NLRB fair elections rule will help protect workers’ right to vote

Published 4:28 PM Eastern – Wednesday, December 21, 2011
Tyler Prell, 202-730-7278 | tyler.prell@seiu.org

WASHINGTON, D.C. – Mary Kay Henry, President of the Service Employees International Union (SEIU), issued the following statement after the National Labor Relations Board (NLRB) issued a final rule governing union elections:

“The modest rule change issued today by the NLRB, that will enable workers to vote in union elections with fewer unnecessary delays, is a positive step forward. Due to frivolous litigation and delaying tactics, too many workers have had to wait months, or even years, to vote on whether to form a union. We hope that the Board issues the other components of the proposed rule early next year.

“The new NLRB election procedures will help ensure that workers are able to exercise a fundamental right we hold dear in our country – the right to vote.”

# # #
With 2.1 million members in Canada, the United States and Puerto Rico, SEIU is the fastest-growing union in the Americas. Focused on uniting workers in healthcare, public services and property services, SEIU members are winning better wages, healthcare and more secure jobs for our communities, while uniting their strength with their counterparts around the world to help ensure that workers–not just corporations and CEOs–benefit from today’s global economy. www.seiu.org

Did you like this? Share it:
Leave a comment

City of Santa Cruz: Find the waste

City of Santa Cruz temp workers have been working without a contract for 18 months. Now the city has proposed that the lowest-paid workers pay more than is mandated by the federal government into Social Security.

Temp workers are not full-time employees nor do they have a retirement plan, so why is the city going after the most vulnerable workers with the harshest demands?

We have a better idea.


With our continued weak economy, we need to combat inefficiencies and waste to preserve vital services to our community.

If you see inefficiencies and wasteful practices in your department, help us tell the city about it! If you have cost-saving ideas, we need to hear them!

Go to http://521.seiu.org/santacruzcitywaste to submit your ideas. You may also contact your Internal Organizer Sonia Laracuente at Sonia.Laracuente@seiu521.org

Join the campaign to protect quality services and stand with the city’s seasonal workers as they fight for a fair contract! An injury to one is an injury to all.

Did you like this? Share it:
Leave a comment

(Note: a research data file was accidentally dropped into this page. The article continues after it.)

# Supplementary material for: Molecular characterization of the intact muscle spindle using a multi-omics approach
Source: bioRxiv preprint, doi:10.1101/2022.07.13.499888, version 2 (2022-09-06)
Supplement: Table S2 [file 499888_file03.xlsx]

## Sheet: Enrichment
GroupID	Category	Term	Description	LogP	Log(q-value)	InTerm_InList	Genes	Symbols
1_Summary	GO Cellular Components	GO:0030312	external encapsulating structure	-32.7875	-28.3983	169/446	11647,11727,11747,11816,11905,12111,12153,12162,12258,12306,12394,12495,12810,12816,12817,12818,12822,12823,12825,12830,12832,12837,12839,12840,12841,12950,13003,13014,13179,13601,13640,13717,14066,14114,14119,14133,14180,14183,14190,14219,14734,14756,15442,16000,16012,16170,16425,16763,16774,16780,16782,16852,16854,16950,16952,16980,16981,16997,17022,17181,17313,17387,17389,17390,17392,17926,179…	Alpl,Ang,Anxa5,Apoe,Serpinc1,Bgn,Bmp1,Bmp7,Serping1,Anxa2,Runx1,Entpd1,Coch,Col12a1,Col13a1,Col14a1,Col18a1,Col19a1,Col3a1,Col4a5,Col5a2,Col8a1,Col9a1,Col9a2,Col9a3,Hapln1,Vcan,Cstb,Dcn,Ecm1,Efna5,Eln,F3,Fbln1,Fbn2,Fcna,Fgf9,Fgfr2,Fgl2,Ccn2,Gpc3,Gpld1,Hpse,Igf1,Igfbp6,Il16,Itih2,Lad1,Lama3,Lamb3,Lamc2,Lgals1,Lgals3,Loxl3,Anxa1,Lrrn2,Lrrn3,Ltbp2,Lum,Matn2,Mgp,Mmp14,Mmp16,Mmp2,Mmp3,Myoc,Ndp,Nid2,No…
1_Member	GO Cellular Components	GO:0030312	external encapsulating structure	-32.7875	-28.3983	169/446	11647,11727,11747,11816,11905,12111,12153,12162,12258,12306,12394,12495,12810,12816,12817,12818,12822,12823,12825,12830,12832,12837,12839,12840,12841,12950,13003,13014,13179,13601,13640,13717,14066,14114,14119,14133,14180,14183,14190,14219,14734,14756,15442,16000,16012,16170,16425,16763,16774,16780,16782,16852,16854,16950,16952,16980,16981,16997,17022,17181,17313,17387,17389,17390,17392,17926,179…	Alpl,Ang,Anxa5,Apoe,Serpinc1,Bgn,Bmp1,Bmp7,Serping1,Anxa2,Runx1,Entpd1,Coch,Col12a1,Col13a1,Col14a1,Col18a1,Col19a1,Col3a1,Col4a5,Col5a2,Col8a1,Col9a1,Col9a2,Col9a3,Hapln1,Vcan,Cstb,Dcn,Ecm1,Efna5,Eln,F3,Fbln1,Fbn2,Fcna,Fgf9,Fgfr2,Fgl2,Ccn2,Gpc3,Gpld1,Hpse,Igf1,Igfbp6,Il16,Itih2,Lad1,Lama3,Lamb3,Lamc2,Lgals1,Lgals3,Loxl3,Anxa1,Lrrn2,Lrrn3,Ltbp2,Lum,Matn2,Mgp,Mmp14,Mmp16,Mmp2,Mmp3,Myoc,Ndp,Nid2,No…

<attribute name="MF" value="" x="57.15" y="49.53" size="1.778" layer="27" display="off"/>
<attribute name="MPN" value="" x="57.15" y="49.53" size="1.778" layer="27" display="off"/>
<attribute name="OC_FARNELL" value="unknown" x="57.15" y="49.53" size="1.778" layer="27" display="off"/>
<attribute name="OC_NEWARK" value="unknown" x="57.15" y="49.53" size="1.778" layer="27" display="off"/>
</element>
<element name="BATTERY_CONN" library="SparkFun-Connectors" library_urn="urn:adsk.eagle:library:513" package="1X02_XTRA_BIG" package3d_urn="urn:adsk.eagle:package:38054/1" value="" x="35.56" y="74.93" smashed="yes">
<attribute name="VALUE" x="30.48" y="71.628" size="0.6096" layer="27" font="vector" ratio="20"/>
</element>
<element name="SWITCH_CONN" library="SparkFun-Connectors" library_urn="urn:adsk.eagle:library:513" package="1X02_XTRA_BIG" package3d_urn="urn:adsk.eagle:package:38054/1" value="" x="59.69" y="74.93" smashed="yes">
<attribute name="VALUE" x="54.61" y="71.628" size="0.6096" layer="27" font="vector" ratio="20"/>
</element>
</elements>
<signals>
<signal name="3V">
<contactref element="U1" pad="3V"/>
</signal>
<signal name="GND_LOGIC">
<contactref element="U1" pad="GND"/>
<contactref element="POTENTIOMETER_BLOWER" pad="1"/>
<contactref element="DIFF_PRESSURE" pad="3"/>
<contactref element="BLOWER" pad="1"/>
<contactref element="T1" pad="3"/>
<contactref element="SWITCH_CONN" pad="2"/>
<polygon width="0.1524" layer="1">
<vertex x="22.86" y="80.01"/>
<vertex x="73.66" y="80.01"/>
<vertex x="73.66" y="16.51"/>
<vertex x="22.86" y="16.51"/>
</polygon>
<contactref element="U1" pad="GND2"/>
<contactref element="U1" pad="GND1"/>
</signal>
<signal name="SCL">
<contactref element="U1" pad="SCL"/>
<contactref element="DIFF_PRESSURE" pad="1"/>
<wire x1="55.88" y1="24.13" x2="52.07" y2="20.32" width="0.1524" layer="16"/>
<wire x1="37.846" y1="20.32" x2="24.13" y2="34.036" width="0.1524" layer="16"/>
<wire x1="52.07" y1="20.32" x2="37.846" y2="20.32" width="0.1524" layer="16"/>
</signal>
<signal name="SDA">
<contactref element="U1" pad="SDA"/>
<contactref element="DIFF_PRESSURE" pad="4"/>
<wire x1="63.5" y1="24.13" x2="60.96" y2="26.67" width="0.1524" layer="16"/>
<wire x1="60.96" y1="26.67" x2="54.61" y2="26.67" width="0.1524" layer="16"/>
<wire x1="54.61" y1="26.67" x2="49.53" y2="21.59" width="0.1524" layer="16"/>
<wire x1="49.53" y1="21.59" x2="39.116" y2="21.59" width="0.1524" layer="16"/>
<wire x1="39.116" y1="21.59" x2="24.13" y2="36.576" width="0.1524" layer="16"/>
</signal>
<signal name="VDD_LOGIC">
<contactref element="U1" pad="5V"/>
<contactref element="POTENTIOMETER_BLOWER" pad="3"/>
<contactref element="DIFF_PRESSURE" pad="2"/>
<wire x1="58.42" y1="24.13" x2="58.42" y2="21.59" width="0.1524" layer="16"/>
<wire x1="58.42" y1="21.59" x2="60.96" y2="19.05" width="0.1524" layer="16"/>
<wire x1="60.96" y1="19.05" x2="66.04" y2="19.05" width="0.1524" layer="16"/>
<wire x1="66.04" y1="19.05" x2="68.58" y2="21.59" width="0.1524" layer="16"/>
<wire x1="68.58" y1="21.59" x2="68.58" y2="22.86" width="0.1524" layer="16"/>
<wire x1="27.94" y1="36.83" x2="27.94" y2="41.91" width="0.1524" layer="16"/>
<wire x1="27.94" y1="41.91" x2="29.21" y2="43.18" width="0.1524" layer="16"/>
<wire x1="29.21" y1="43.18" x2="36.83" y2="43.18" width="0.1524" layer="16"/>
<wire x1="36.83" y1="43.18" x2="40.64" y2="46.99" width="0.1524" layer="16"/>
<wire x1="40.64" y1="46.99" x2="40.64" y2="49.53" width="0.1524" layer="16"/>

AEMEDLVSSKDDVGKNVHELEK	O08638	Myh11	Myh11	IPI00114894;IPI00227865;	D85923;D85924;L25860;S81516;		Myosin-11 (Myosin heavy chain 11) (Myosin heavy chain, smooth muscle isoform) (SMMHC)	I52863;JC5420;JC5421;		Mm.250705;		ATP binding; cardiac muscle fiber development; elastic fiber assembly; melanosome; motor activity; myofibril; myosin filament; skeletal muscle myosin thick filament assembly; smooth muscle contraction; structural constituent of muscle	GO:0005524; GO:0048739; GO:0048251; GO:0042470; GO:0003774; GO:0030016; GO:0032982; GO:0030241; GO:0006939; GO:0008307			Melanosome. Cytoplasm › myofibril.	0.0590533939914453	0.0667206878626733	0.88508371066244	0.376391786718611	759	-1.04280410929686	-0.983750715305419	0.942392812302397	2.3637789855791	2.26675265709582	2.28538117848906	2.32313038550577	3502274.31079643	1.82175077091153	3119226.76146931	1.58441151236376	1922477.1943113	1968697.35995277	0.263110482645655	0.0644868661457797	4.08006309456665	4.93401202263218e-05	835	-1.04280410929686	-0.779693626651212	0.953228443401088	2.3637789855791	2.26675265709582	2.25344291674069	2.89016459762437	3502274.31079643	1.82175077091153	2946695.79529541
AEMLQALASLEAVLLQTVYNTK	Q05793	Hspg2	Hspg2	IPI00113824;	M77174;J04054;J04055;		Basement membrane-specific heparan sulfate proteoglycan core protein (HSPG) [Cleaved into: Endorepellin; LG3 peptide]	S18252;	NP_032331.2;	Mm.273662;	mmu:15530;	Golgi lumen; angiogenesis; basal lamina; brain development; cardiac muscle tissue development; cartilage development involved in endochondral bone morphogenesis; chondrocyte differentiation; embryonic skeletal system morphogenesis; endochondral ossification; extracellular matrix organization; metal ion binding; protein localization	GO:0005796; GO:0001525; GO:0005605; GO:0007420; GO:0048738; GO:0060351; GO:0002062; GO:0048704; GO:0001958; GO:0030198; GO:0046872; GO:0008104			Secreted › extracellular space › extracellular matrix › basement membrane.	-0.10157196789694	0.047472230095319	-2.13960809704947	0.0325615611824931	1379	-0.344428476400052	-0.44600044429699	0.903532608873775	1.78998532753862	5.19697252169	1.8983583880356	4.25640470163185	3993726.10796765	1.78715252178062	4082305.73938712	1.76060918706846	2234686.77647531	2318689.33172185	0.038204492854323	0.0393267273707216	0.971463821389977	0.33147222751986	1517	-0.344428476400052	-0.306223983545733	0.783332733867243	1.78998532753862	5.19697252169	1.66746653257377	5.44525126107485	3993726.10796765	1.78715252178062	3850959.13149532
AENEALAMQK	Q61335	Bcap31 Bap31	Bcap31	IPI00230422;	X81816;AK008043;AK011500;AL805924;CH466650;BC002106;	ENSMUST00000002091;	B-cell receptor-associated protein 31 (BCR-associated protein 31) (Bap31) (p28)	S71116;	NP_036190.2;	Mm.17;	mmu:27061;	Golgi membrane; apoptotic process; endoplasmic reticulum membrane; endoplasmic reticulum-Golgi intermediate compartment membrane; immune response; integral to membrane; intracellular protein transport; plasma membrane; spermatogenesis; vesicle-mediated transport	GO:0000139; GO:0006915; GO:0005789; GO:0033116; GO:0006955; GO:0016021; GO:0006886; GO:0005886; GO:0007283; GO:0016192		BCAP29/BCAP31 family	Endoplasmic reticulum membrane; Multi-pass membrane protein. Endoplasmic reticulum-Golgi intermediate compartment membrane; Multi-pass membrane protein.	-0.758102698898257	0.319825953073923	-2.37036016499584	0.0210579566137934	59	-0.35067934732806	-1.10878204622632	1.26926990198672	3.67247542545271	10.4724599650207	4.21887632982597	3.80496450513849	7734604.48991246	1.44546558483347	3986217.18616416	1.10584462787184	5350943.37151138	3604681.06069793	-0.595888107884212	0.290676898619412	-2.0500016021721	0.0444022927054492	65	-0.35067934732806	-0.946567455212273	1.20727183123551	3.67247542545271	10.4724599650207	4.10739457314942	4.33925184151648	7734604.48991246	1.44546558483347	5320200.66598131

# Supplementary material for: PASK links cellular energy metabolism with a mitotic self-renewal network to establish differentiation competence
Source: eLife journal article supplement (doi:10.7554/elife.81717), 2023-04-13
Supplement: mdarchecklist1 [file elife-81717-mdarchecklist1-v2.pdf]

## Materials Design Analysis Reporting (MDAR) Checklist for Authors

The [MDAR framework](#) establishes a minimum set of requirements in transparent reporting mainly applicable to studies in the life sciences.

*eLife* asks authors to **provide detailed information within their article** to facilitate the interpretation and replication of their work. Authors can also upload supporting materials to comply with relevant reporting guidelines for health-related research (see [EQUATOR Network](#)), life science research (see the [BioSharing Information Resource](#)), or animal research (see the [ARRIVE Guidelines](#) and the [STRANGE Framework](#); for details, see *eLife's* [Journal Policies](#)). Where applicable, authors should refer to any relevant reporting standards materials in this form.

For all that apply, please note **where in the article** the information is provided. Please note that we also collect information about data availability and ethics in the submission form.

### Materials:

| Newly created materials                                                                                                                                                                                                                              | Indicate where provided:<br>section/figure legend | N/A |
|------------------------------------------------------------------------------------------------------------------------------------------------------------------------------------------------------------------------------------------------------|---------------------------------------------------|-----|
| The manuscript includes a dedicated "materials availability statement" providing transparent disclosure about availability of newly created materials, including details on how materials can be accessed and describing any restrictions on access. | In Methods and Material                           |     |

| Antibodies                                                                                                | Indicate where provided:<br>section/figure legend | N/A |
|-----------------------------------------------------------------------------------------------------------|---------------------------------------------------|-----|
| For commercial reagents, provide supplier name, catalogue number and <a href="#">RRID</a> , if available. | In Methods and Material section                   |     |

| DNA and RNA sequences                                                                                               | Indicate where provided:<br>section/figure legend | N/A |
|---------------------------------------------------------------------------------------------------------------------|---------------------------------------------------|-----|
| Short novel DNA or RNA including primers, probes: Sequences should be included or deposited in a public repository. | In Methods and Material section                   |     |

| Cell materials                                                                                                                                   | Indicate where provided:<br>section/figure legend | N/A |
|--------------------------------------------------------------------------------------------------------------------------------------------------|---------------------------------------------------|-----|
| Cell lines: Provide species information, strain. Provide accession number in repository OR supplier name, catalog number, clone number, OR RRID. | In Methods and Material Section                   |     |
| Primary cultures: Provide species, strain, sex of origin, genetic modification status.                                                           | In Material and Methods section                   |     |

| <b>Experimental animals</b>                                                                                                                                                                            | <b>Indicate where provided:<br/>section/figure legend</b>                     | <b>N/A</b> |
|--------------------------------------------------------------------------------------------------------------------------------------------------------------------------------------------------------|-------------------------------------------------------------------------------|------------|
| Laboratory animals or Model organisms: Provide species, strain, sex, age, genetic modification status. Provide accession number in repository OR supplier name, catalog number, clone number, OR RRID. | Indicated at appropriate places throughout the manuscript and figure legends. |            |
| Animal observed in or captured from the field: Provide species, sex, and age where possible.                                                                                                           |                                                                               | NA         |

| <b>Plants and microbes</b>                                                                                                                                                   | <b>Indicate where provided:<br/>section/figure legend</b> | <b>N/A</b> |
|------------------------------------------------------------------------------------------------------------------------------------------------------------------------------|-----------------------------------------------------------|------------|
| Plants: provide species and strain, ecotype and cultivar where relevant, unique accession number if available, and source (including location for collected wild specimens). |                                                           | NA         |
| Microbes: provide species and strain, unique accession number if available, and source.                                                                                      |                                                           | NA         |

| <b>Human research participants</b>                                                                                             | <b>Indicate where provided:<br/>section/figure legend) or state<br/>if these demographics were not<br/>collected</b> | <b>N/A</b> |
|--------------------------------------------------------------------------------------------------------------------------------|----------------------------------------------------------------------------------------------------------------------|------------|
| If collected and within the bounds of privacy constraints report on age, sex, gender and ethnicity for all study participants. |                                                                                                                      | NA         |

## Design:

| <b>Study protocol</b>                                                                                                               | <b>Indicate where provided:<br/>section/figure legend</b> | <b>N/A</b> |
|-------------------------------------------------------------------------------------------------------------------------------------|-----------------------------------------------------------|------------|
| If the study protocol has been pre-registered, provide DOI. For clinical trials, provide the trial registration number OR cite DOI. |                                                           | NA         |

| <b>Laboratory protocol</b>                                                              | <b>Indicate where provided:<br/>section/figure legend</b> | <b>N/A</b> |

Retirees gather for year-end celebration

Retirees gather for year-end celebrationSanta made a special appearance at the annual  SEIU 521 Retiree Christmas Party, joining more than 100 SEIU retirees as well as staff at the festive year-end celebration.

VIP guests included Assembly Member Paul Fong (D-Cupertino), Mt. View City Councilwoman Margaret Abe-Koga, as well as San Jose City Council candidates Brian O’Neil and Steve Kline.

View photo album for this event on our Facebook page.

Did you like this? Share it:
Leave a comment

SEIU 521 Tele-Town Hall

More than 2,000 SEIU 521 members participated in our union’s first telephone town hall on Thursday, Dec. 15 to hear the latest updates on the state budget and coming cuts. Other topics that directly affect SEIU 521 workers included:
Pension reform
Governor Brown’s $7 billion tax initiative
– Paycheck deception ballot initiative

Did you miss it?
Click here to listen to the audio recording. (Wav.)
Due to the file size, it may take a couple of minutes to load.

Have questions about what was discussed during the tele-town hall?
Post your comment or question at the end of this web page.

Luisa Blue, SEIU Local 521 Chief of Staff
Riko Mendez, SEIU Local 521 Political Director

Click here for more information. (PDF)

Did you like this? Share it:
1 Comment

Home care advocates mourn cuts to seniors, disabled

Following Gov. Brown’s announcement that automatic budget cuts will go forward — including a 20 percent across-the-board cut to In-Home Supportive Services — home care advocates and elected officials held a candlelight vigil in San Jose, Dec. 15, to mourn the loss of vital services to seniors and people with disabilities.

During the vigil, home care providers and consumers said they will be devastated by the looming cuts to IHSS services.

“I try to provide the best care for my client, but how will we afford the rent, health care and food with a 20 percent reduction?” said Stella Martinez, an IHSS worker who provides 24/7 care to a client who lives with schizophrenia, hallucinations and depression. “How will she receive the care that she needs?”

Photo slideshow

Earlier this month, a U.S. District Court judge issued a Temporary Restraining Order to halt the 20 percent reduction in IHSS hours until a hearing can be held on this issue. But that only postpones the cuts for now.

For IHSS workers and consumers, that’s not enough.

“With the state cuts, I will lose my health insurance,” said Brunilda Rocha, who provides IHSS services for her 82-year-old mother. “It will be very difficult to survive. Health care and medicine will be too expensive. And seniors will go to convalescent homes where they will not receive proper care.”

The 20 percent reduction in IHSS hours for seniors and people with disabilities comes on top of a previous 3.6 percent reduction that went into effect earlier this year.

Speakers at the candlelight vigil also voiced that more revenues are needed to provide IHSS services, and that everyone – including corporations – should pay their fair share.

“CEO’s and corporations got their big bonuses,” said Rosalie Ramirez, an IHSS worker who provides care for her son. “We got nil. Nothing. This is an outrage. And now they want to cut our services when we have so little left. Corporations and the wealthy must pay their fair share like the rest of us.”

In addition to home care advocates, the vigil was also attended and supported by Assemblyman Paul Fong, and representatives of Assembly members Jim Beall and Jerry Hill.

Statewide, approximately 440,000 seniors and people with disabilities rely on IHSS for help with nutrition; taking medication; bathing; bowel and bladder care; and other tasks necessary for living.

The average IHSS consumer receives about 86 hours of care a month and will lose about 23 hours as a result of this cut. Approximately 250,000 seniors and people with disabilities are expected to be hit with the full 20 percent cut to service hours.